Comme Le Prevoit follows an interesting practice of designating subheadings a, b, c, etc. as separately numbered sections. This morning, we look at the process of building out from the “scientific” approach of textual study.
9. To discover the true meaning of a text, the translator must follow the scientific methods of textual study as used by experts. This part of the translator’s task is obvious. A few points may be added with reference to liturgical texts:
10. a. If need be, a critical text of the passage must first be established so that the translation can be done from the original or at least from the best available text.
The principle is laid down for referral to the best available text. This was somewhat set aside when the latest Lectionary went to the ca 398 AD Vulgate rather than the actual biblical languages.
11. b. Latin terms must be considered in the light of their uses-historical or cultural, Christian or liturgical. For example, the early Christian use of devotio differs from its use in classical or more modern times. The Latin oratio means in English not an oration (one of its senses in classical Latin) but a prayer—and this English word bears different meanings, such as prayer of praise or prayer in general or prayer of petition. Pius and pietas are very inadequately rendered in English as pious and piety. In one case the Latin salus may mean salvation in the theological sense; elsewhere it may mean safety, health (physical health or total health), or well-being. Sarx-caro is inadequately rendered in English as flesh. Doulos-servus and famula are inadequately rendered in English by slave, servant, handmaid. The force of an image or metaphor must also be considered, whether it is rare or common, living or worn out.
There is a realization of the complexity of definitions within Latin and target languages. As we know from English, some words like let or save bear the weight of many definitions, and context is all-important to determine if these words are the best choices to convey meaning. There’s always the possibility that an English turn of phrase will pop an unintended meaning into the head of the casual worshipper.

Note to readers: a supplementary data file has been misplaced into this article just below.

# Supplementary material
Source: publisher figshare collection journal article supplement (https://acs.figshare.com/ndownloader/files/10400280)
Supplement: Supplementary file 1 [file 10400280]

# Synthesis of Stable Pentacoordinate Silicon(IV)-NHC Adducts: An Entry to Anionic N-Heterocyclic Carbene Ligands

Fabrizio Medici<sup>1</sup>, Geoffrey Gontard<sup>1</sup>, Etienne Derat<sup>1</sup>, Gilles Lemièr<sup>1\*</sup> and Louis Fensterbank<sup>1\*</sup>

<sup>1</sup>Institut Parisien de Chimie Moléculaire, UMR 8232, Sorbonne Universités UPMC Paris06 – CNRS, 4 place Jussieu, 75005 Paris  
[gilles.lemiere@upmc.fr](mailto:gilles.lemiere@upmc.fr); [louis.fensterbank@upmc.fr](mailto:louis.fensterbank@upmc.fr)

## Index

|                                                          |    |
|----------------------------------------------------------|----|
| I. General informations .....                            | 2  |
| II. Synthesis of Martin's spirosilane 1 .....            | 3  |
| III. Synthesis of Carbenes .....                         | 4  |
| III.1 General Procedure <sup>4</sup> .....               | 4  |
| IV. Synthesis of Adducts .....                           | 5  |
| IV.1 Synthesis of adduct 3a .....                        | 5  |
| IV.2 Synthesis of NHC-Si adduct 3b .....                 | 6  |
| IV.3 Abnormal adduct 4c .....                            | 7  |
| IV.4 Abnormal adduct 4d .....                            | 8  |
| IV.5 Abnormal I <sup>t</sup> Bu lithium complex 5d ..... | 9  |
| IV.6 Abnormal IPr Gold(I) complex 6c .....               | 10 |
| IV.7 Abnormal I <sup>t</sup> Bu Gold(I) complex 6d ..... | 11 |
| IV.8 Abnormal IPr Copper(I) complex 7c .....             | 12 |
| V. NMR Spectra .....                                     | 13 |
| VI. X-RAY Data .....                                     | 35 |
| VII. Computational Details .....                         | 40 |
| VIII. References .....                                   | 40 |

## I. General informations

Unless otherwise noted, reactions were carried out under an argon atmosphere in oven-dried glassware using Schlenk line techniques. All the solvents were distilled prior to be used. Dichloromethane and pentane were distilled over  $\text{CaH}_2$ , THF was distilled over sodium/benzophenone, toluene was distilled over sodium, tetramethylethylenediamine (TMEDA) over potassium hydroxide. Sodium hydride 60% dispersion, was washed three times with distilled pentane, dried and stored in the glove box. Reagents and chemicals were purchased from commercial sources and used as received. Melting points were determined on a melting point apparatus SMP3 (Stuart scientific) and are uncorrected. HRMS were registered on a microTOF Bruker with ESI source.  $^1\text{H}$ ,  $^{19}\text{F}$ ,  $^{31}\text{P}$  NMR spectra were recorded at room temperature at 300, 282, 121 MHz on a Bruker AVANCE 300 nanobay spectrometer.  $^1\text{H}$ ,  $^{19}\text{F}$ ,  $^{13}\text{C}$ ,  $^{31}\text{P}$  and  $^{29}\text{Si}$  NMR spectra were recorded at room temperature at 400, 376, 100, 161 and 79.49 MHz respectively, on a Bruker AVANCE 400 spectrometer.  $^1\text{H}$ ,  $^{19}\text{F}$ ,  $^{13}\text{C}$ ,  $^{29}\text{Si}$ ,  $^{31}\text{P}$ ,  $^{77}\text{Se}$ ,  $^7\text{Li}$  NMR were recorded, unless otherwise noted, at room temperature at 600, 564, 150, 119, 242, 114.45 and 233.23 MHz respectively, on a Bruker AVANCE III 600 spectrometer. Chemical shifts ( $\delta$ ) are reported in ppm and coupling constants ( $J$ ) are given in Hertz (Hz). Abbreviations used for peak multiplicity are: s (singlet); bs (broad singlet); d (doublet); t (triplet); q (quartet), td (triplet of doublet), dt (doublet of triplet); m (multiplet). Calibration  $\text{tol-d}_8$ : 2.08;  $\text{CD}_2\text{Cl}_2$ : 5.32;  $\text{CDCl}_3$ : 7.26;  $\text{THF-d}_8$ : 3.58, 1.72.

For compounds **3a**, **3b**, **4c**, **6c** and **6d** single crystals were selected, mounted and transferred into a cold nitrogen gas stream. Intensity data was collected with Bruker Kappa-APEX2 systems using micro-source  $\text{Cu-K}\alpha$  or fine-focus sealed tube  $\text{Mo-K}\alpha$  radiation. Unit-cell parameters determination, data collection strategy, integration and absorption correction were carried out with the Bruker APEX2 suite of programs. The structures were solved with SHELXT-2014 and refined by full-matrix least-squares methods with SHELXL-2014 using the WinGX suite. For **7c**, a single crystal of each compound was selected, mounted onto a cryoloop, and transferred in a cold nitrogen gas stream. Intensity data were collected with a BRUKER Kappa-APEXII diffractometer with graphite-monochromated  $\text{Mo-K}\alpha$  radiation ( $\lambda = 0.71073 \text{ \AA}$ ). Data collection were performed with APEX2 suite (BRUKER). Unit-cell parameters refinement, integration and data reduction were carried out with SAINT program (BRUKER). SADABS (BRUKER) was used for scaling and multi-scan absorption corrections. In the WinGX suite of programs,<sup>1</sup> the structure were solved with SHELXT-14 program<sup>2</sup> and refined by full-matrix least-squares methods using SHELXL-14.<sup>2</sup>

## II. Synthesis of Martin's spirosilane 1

12. c. The translator must always keep in mind that the “unit of meaning” is not the individual word but the whole passage. The translator must therefore be careful that the translation is not so analytical that it exaggerates the importance of particular phrases while it obscures or weakens the meaning of the whole. Thus, in Latin, the piling up of ratam, rationabilem, acceptabilem may increase the sense of invocation. In other tongues, a succession of adjectives may actually weaken the force of the prayer. The same is true of beatissima Virgo or beata et gloriosa or the routine addition of sanctus or beatus to a saint’s name, or the too casual use of superlatives. Understatement in English is sometimes the more effective means of emphasis.
I remember hearing in grad school that a Far East language treats a three-fold repetition as sarcasm. When a proposal came along to alter “Sanctus, sanctus, sanctus,” it was denied, though an entirely different meaning would be rendered into the regional vernacular.
13. d. To keep the correct signification, words and expressions must be used in their proper historical, social, and ritual meanings. Thus, in prayers for Lent, ieiunium now has the sense of lenten observance, both liturgical and ascetic; the meaning is not confined to abstinence from food. Tapeinos-humilis originally had “class” overtones not present in the English humble or even lowly. Many of the phrases of approach to the Almighty were originally adapted from forms of address to the Sovereign in the courts of Byzantium and Rome. It is necessary to study how far an attempt should be made to offer equivalents in modern English for such words as Quaesumus, dignare, clementissime, maiestas, and the like.